Lively Jewish Culture in Vienna

Die Presse (03/19/2007)

Judith Lecher

Conference from March 19 – 22: International scholars present the most recent research results on Jewish life in Vienna from 1900 to 1938.

“What I am trying to do is to comprise the history of Vienna’s Jews in relationship to the life of this entire city; that is, to recognize what Vienna meant and means for them, thereby clarifying the peculiarity of this piece of West European Jewry,” wrote Hans Titze in 1933, author of a standard work on the topic. The quotation is at the same time the motto of the international conference, “Vienna and the Jewish Experience – Acculturation, anti-Semitism and Zionism.”

“When looking at Jewish history, one should not allow persecution of the Jews and the Shoa to overshadow the rich, cultural experiences and tradition,” emphasizes Frank Stern from the Institute for Contemporary History at the University of Vienna. He organized the conference, the timing of which was intentional. “Before we recall 1938, the year of persecution, expulsion and murder of the Viennese Jews, it is important to understand the 1920s and 30s.”

“We want to show to what extent the Viennese Jews were an integral part of society before WW II, with emphasis on the period between the two wars, thus shedding light on their life during this time,” said Stern. The picture of Arthur Schnitzler, taken in 1931 with him riding in a convertible rather than a taxi, illustrates this point much like the classic film, City without Jews.

The conference will not only discuss distinct personalities and works, but also include Austrian-Jewish daily life – how the Jews influenced scientific, cultural and societal life and how they themselves were influenced by life in Vienna. That is reflected in the title of the opening lecture being offered by Steven Beller entitled, “What isn’t Stated in Baedeker: Jews and other Austrians in Vienna between the Two World Wars.” Emphasis of the conference will be contemporary history as well as cultural history; lecture topics range from the education of rabbis to the education of Jewish youth- and women’s movements.

Eleven Percent of the Viennese were Jews
According to a census taken in the year 1923, over 200,000 Jews lived in Vienna. They comprised eleven percent of the city’s inhabitants. After Warsaw, Vienna had the largest Jewish community, which was as heterogeneous as the rest of the population. Jews were represented by all strata of society. “And not all stood out because of their scientific or cultural contributions.” The participants, among which are many young scholars, hope to overcome stereotypes. Stern: “This conference is considered a kind of intellectual event which one accidentally stumbles upon; it is definitely not meant to be ‘ivory-tower.’ Reservations are not required and entrance is free.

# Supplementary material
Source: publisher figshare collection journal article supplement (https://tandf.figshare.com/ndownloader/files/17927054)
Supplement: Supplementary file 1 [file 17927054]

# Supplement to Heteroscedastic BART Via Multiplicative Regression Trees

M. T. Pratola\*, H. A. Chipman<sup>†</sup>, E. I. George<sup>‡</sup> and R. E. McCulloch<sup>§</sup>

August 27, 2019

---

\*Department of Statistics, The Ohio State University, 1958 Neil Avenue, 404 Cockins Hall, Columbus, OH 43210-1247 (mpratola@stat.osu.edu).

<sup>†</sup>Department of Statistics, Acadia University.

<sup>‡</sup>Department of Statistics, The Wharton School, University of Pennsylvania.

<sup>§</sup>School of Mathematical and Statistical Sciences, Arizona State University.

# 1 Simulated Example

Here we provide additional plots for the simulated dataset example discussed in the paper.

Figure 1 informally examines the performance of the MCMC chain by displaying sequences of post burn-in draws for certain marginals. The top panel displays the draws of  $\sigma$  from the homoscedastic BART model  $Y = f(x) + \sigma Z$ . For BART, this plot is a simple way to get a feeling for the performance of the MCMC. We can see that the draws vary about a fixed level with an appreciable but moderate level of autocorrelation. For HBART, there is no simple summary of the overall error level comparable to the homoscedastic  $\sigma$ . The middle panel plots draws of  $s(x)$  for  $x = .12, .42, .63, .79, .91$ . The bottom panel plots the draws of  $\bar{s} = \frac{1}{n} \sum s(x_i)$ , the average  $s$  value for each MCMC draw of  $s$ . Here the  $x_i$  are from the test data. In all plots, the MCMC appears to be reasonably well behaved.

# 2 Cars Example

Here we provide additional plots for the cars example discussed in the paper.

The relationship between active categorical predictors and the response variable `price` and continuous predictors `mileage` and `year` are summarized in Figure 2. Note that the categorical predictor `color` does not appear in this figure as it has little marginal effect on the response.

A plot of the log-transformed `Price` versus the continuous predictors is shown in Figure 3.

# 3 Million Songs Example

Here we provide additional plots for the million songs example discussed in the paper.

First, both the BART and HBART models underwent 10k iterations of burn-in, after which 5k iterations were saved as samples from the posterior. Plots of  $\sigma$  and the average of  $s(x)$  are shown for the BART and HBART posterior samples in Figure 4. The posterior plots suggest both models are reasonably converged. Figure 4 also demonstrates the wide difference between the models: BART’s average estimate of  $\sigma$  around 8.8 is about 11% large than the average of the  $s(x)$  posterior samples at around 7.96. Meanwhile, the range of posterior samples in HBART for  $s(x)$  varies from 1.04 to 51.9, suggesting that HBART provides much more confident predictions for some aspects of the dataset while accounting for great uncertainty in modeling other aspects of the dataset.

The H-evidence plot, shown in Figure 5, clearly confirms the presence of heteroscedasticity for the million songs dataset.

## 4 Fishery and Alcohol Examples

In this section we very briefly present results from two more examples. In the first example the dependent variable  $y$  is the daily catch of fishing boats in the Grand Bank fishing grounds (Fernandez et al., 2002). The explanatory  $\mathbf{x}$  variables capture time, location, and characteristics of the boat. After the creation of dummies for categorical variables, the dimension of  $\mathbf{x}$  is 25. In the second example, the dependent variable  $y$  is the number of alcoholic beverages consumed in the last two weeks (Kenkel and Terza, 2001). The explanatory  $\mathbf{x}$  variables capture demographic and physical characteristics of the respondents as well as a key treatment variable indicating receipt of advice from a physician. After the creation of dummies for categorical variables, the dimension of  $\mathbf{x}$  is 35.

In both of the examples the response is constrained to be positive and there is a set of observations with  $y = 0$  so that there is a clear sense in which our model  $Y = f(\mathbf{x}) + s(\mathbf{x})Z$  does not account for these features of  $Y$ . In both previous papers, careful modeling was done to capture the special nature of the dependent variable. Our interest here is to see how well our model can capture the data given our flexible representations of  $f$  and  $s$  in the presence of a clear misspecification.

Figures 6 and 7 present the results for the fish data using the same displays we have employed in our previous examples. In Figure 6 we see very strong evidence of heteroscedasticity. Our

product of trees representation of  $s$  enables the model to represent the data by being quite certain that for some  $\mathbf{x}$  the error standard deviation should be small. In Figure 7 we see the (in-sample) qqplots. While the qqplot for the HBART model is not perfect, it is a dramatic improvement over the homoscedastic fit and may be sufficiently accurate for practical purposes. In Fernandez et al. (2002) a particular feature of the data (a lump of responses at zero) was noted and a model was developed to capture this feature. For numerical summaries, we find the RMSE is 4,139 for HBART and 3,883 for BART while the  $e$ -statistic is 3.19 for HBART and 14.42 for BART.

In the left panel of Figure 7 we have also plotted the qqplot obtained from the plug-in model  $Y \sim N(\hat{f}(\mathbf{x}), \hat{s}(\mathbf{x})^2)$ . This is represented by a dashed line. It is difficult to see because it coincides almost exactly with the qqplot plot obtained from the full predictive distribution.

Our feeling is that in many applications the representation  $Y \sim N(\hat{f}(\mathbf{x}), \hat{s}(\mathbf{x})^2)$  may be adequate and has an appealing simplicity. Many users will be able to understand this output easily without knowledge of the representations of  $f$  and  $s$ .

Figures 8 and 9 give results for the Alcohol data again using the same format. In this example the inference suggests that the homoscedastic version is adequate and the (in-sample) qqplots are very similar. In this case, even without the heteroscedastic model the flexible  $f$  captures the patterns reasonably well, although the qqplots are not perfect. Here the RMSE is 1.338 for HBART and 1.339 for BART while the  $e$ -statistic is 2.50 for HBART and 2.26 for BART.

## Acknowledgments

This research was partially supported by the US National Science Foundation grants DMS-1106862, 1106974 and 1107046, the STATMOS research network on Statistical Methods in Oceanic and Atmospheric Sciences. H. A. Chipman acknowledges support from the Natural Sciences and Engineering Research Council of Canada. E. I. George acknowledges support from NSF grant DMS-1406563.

“In those days, the situation was marked by extreme ambivalence. There was a reciprocal effect and real exchange,” says Stern and then cites an example in Viennese dialect: The word, Beisl, which really is the hebraic word for house, comes from “Beit.” On the other hand, there was also a sense of distance and averseness towards the Jews.” Among the many possible reactions to anti-Semitism was one directed toward Zionism. But between the two wars, the concept hardly took on the meaning among Viennese Jews that Theodor Herzl would have wished. It was more frequently the case that the Jews reacted by exhibiting a kind of biting humor, laughing about the stupidity of anti-Semitism in theater or cabaret performances.

Lively Cultural Scene in the 1920s
The 1920s and 30s were the most active years for the intimate, Jewish theater scene, which was an important mouth piece for the Jewish community. At that time many Jewish artists experienced their most productive phase, says Stern, not during the fin de siècle (1890-1914), clearly more marked by science. During the conference, many diverse personalities stemming from the areas of culture and science will be touched upon: Gustav Mahler and Arnold Schönberg, Felix Salten and Joseph Roth, as well as Sigmund Freud.  The very first to be quoted will be Arthur Schnitzler: At the opening of the conference, Elisabeth Orth will read from Schnitzler’s novel, “Der Weg ins Freie” (English: “The Road to the Open”).